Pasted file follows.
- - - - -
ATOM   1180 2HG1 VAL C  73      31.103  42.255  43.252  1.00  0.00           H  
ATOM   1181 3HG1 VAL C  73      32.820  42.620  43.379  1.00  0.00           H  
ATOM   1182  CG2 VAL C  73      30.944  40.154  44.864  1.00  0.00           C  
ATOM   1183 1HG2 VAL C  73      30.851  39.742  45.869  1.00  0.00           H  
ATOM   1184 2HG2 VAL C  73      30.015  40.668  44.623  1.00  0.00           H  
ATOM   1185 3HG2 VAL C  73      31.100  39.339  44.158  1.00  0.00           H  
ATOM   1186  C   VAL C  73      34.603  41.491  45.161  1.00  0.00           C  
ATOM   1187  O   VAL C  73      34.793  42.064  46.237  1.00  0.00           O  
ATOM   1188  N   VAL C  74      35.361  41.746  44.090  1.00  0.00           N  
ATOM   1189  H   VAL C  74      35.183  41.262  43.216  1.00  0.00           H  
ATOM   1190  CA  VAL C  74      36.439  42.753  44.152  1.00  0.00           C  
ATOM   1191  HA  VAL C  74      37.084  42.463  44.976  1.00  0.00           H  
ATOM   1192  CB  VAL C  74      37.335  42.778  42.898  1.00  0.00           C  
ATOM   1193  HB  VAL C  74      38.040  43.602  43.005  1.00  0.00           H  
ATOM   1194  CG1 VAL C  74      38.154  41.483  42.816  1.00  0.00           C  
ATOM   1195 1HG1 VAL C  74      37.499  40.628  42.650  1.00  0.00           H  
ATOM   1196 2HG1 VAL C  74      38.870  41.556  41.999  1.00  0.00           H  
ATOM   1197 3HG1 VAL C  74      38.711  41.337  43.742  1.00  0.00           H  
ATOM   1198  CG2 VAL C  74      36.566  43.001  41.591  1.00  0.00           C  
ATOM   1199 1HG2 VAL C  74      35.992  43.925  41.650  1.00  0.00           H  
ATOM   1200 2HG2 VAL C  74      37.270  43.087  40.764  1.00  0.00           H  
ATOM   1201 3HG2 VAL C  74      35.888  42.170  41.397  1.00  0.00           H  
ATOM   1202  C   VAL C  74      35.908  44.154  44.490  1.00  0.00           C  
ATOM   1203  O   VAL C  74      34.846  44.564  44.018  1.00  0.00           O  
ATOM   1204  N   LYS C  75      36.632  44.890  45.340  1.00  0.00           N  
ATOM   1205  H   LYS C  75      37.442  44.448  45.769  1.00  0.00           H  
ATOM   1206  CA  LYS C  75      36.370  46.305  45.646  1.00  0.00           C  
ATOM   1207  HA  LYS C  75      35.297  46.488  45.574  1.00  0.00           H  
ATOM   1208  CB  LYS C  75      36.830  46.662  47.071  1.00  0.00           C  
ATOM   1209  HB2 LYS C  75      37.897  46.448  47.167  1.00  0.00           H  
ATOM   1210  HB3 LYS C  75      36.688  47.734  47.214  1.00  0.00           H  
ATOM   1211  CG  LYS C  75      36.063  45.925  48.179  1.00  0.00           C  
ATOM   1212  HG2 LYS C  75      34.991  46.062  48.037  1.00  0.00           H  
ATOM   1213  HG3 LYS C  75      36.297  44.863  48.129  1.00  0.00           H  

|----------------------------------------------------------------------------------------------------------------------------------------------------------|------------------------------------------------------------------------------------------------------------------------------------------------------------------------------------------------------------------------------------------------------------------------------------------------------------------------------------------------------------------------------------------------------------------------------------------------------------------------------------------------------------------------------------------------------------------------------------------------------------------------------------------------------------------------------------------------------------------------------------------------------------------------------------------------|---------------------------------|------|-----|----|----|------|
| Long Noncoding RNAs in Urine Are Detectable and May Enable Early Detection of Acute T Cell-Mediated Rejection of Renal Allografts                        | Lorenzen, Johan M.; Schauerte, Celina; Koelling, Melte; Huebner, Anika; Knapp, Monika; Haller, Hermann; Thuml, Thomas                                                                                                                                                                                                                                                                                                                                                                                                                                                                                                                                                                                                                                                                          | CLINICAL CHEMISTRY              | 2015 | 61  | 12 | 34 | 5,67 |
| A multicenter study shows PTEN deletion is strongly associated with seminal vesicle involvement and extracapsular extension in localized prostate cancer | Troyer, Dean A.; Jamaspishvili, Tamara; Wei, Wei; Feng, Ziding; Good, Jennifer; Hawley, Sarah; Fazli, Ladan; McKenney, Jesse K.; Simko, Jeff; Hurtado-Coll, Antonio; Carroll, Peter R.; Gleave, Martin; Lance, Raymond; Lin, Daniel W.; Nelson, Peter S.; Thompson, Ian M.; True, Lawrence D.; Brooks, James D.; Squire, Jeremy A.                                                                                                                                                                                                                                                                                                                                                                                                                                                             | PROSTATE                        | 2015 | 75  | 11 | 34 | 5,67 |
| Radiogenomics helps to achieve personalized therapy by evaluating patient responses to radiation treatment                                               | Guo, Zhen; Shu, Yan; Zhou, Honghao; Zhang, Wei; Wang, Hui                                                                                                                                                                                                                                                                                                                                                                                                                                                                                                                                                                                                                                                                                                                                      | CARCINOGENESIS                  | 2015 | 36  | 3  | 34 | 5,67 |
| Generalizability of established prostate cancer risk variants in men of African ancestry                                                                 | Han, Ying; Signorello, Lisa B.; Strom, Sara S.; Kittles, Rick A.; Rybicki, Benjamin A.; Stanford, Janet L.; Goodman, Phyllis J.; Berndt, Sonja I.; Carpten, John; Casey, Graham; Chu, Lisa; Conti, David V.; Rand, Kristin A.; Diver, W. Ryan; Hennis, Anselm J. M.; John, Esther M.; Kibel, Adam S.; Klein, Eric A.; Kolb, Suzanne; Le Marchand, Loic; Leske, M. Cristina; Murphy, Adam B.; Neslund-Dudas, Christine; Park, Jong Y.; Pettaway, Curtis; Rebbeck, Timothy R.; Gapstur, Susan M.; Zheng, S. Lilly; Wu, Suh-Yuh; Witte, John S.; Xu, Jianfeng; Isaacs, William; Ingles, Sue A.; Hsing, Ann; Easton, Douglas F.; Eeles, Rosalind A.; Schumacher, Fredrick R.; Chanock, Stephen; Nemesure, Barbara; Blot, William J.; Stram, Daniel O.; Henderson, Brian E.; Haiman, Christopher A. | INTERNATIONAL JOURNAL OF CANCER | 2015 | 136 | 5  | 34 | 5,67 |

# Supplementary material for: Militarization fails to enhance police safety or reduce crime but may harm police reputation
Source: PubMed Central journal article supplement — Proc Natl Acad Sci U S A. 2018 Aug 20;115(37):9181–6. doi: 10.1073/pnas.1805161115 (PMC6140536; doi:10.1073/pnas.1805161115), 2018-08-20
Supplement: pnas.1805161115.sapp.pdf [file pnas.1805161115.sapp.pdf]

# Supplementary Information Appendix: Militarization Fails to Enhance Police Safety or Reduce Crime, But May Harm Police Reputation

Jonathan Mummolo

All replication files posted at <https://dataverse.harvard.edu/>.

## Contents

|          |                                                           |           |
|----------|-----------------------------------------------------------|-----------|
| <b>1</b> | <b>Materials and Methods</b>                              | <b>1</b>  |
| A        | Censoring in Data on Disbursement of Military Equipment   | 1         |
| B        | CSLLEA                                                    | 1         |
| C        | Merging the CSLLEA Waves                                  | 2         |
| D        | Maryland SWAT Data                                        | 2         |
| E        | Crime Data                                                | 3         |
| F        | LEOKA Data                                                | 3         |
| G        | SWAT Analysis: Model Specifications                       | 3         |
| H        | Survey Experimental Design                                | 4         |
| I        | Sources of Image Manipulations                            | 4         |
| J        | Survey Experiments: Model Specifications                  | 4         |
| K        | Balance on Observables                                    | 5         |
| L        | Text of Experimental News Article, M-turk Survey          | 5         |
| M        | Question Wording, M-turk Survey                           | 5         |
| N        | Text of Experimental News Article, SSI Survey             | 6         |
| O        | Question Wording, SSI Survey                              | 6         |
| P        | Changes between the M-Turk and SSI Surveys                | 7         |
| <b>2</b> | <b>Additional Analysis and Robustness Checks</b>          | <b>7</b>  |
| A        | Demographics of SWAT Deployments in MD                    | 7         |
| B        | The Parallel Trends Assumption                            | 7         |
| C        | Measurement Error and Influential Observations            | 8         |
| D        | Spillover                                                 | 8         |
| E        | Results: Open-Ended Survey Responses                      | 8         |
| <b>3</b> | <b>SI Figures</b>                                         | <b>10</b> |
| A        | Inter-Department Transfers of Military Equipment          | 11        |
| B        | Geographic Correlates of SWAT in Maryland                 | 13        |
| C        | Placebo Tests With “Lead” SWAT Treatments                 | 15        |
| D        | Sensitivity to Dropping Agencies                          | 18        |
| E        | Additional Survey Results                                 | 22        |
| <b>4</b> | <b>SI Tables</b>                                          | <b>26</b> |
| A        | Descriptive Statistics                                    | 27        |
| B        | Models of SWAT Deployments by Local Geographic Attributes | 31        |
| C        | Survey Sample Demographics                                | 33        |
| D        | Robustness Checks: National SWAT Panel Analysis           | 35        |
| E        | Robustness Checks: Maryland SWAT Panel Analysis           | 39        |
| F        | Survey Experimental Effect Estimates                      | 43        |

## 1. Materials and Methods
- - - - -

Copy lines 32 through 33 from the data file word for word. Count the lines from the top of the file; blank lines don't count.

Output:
ATOM   1211  CG  LYS C  75      36.063  45.925  48.179  1.00  0.00           C  
ATOM   1212  HG2 LYS C  75      34.991  46.062  48.037  1.00  0.00           H  